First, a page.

Create an object of class
Lexis to represent follow-up in
multiple states on multiple time scales.
a named list of entry times. Each element of the list is
a numeric variable representing the entry time on the named time
scale. All time scales must have the same units (e.g. years).
The names of the timescales must be different from any column name in
a named list of exit times.
a numeric vector giving the duration of follow-up.
a vector or a factor giving the status at entry
a vector or factor giving status at exit. Any change in status during follow-up is assumed to take place exactly at the exit time.
a vector giving a unique identity value for each person
represented in the Lexis object. Defaults to
an optional data frame, list, or environment containing
the variables. If not found in
a logical flag. If
A vector of labels for the states. If given, the state
Numerical tolerance for follow-up time. Rows with duration less than this value are automatically dropped.
Logical. Should dropped rows from
The analysis of long-term population-based follow-up studies typically
requires multiple time scales to be taken into account, such as
age, calender time, or time since an event. A
Lexis object is
a data frame with additional attributes that allows these multiple time
dimensions of follow-up to be managed.
Separate variables for current end exit state allows representation of multistate data.
Lexis objects are named after the German demographer Wilhelm Lexis (1837-1914), who is credited with the invention of the "Lexis diagram" for representing population dynamics simultaneously by several timescales.
Lexis function can create a minimal
with only those variables required to define the follow-up history in
each row. Additional variables can be merged into the
object using the
merge method for
Lexis objects. The
latter is the default.
There are also
transform methods for
Lexis objects. They work as the corresponding methods for data-frames
but ensures that the result is a
An object of class
Lexis. This is represented as a data frame
with a column for each time scale (with neaes equal to the union of
the names of
exit), and additional columns with the
Identification of the persons.
Duration of follow-up.
Entry status (
Exit status (e
merge=TRUE (the default) then the
Lexis object will also contain
all variables from the
Only two of the three arguments
duration need to be given. If the third parameter is missing,
it is imputed.
exit must be numeric, using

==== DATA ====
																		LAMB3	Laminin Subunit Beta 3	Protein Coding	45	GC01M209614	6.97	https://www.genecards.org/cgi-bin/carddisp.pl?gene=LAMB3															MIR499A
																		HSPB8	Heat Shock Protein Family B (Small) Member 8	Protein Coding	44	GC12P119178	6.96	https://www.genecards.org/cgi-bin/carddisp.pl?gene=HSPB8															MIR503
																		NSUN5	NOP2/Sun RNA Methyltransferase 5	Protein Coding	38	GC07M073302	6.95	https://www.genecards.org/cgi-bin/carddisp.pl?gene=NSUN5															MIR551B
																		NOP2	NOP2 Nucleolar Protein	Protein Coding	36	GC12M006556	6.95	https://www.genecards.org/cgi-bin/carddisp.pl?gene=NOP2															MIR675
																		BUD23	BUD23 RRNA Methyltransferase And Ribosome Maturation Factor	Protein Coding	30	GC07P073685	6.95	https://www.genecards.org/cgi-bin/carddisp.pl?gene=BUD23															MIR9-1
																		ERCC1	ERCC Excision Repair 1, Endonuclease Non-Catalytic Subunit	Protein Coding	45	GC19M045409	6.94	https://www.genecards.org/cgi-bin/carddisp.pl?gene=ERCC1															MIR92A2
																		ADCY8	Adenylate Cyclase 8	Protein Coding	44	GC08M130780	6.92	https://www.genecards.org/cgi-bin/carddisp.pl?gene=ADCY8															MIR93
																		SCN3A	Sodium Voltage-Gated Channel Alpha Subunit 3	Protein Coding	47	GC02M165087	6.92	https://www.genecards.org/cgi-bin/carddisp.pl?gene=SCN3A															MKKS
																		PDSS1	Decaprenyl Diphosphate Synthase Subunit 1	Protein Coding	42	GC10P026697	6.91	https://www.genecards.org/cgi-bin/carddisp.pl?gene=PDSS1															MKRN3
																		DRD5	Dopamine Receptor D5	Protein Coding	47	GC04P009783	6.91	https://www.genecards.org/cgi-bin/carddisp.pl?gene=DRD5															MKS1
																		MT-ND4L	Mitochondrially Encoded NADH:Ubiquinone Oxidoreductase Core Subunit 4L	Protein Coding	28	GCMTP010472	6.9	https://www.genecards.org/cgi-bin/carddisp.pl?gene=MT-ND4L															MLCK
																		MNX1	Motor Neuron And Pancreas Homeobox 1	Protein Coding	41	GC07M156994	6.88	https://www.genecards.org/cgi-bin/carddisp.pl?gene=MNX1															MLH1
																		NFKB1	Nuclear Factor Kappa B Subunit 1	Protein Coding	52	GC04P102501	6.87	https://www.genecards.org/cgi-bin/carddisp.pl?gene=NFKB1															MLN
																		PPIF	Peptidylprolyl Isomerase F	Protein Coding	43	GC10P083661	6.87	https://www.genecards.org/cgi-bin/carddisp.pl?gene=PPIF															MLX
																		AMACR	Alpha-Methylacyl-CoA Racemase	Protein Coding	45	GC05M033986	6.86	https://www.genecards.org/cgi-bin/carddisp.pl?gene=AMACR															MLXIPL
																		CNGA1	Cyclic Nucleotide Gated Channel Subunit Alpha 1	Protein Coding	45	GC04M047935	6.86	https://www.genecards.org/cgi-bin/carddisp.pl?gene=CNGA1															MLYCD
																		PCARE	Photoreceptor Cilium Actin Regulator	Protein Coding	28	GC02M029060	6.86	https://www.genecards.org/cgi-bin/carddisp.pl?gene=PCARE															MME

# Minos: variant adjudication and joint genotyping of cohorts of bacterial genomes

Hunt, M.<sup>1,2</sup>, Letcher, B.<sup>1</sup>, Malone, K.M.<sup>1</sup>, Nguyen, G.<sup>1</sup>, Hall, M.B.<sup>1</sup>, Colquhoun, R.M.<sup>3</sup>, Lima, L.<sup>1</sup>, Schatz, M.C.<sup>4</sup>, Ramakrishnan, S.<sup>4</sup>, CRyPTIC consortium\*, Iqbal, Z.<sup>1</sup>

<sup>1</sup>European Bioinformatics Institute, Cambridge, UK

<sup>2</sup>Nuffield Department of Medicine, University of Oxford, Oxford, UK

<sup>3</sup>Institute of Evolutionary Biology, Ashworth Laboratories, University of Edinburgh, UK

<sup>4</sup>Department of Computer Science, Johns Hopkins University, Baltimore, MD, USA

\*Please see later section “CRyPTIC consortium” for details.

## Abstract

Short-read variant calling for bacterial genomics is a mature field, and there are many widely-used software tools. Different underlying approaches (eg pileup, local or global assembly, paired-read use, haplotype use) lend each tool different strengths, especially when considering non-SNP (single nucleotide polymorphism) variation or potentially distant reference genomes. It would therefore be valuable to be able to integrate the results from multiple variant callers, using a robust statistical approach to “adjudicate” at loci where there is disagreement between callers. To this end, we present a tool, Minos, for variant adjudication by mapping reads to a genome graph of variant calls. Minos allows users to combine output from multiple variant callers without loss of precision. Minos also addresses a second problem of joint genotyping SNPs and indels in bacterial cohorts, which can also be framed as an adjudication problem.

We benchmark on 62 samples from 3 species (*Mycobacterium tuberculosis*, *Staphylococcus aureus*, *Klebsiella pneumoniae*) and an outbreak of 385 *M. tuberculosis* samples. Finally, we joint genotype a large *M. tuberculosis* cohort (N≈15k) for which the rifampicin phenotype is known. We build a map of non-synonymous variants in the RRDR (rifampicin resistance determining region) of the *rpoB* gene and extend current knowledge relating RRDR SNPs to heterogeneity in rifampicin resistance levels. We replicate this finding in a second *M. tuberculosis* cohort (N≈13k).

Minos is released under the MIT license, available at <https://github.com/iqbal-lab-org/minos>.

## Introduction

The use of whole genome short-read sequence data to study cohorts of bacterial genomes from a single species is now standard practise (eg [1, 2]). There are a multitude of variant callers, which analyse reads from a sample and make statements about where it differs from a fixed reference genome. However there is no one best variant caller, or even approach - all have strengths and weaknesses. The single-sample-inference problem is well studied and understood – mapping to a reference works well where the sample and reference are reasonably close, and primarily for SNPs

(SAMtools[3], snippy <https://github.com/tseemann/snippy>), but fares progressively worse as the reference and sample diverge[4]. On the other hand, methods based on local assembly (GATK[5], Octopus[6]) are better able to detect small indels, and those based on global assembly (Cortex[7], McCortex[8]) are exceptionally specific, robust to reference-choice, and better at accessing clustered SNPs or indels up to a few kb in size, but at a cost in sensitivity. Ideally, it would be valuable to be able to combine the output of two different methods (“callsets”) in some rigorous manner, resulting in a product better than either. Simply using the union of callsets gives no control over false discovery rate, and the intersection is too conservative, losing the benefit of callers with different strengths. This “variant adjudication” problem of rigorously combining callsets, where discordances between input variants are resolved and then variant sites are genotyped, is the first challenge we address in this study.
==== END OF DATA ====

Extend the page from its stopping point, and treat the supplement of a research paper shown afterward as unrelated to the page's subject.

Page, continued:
variables will cause some of the utilites to crash. Transformation by
cal.yr is recommended.
If only either
duration are supplied it is assumed that
entry is 0. This is only meaningful (and therefore checked) if there
is only one timescale.
If any of
exit.status are of mode character,
they will both be converted to factors.
entry.status is not given, then its class is automatically
set to that of
exit.status is a
character or factor, the value of
entry.status is set to the
first level. This may be highly undesirable, and therefore noted. For
exit.status is character the first level will be
the first in the alphabetical ordering; slightly unfortunate if values
exit.status is logical, the
entry.status set to
exit.status is numeric, the value of
entry.status set to
exit.status are factors or character,
the corresponding state variables in the returned
lex.Xst will be (unordered) factors with
identical set of levels, namely the union of the levels of
Martyn Plummer with contributions from Bendix Carstensen
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# A small bogus cohort xcoh <- structure( list( id = c("A", "B", "C"), birth = c("14/07/1952", "01/04/1954", "10/06/1987"), entry = c("04/08/1965", "08/09/1972", "23/12/1991"), exit = c("27/06/1997", "23/05/1995", "24/07/1998"), fail = c(1, 0, 1) ), .Names = c("id", "birth", "entry", "exit", "fail"), row.names = c("1", "2", "3"), class = "data.frame" ) # Convert the character dates into numerical variables (fractional years) xcoh <- cal.yr( xcoh, format="%d/%m/%Y", wh=2:4 ) # See how it looks xcoh str( xcoh ) # Define as Lexis object with timescales calendar time and age Lcoh <- Lexis( entry = list( per=entry ), exit = list( per=exit, age=exit-birth ), exit.status = fail, data = xcoh ) Lcoh # Using character states may have undesired effects: xcoh$Fail <- c("Dead","Well","Dead") Lexis( entry = list( per=entry ), exit = list( per=exit, age=exit-birth ), exit.status = Fail, data = xcoh ) # ...unless you order the levels correctly ( xcoh$Fail <- factor( xcoh$Fail, levels=c("Well","Dead") ) ) Lexis( entry = list( per=entry ), exit = list( per=exit, age=exit-birth ), exit.status = Fail, data = xcoh )
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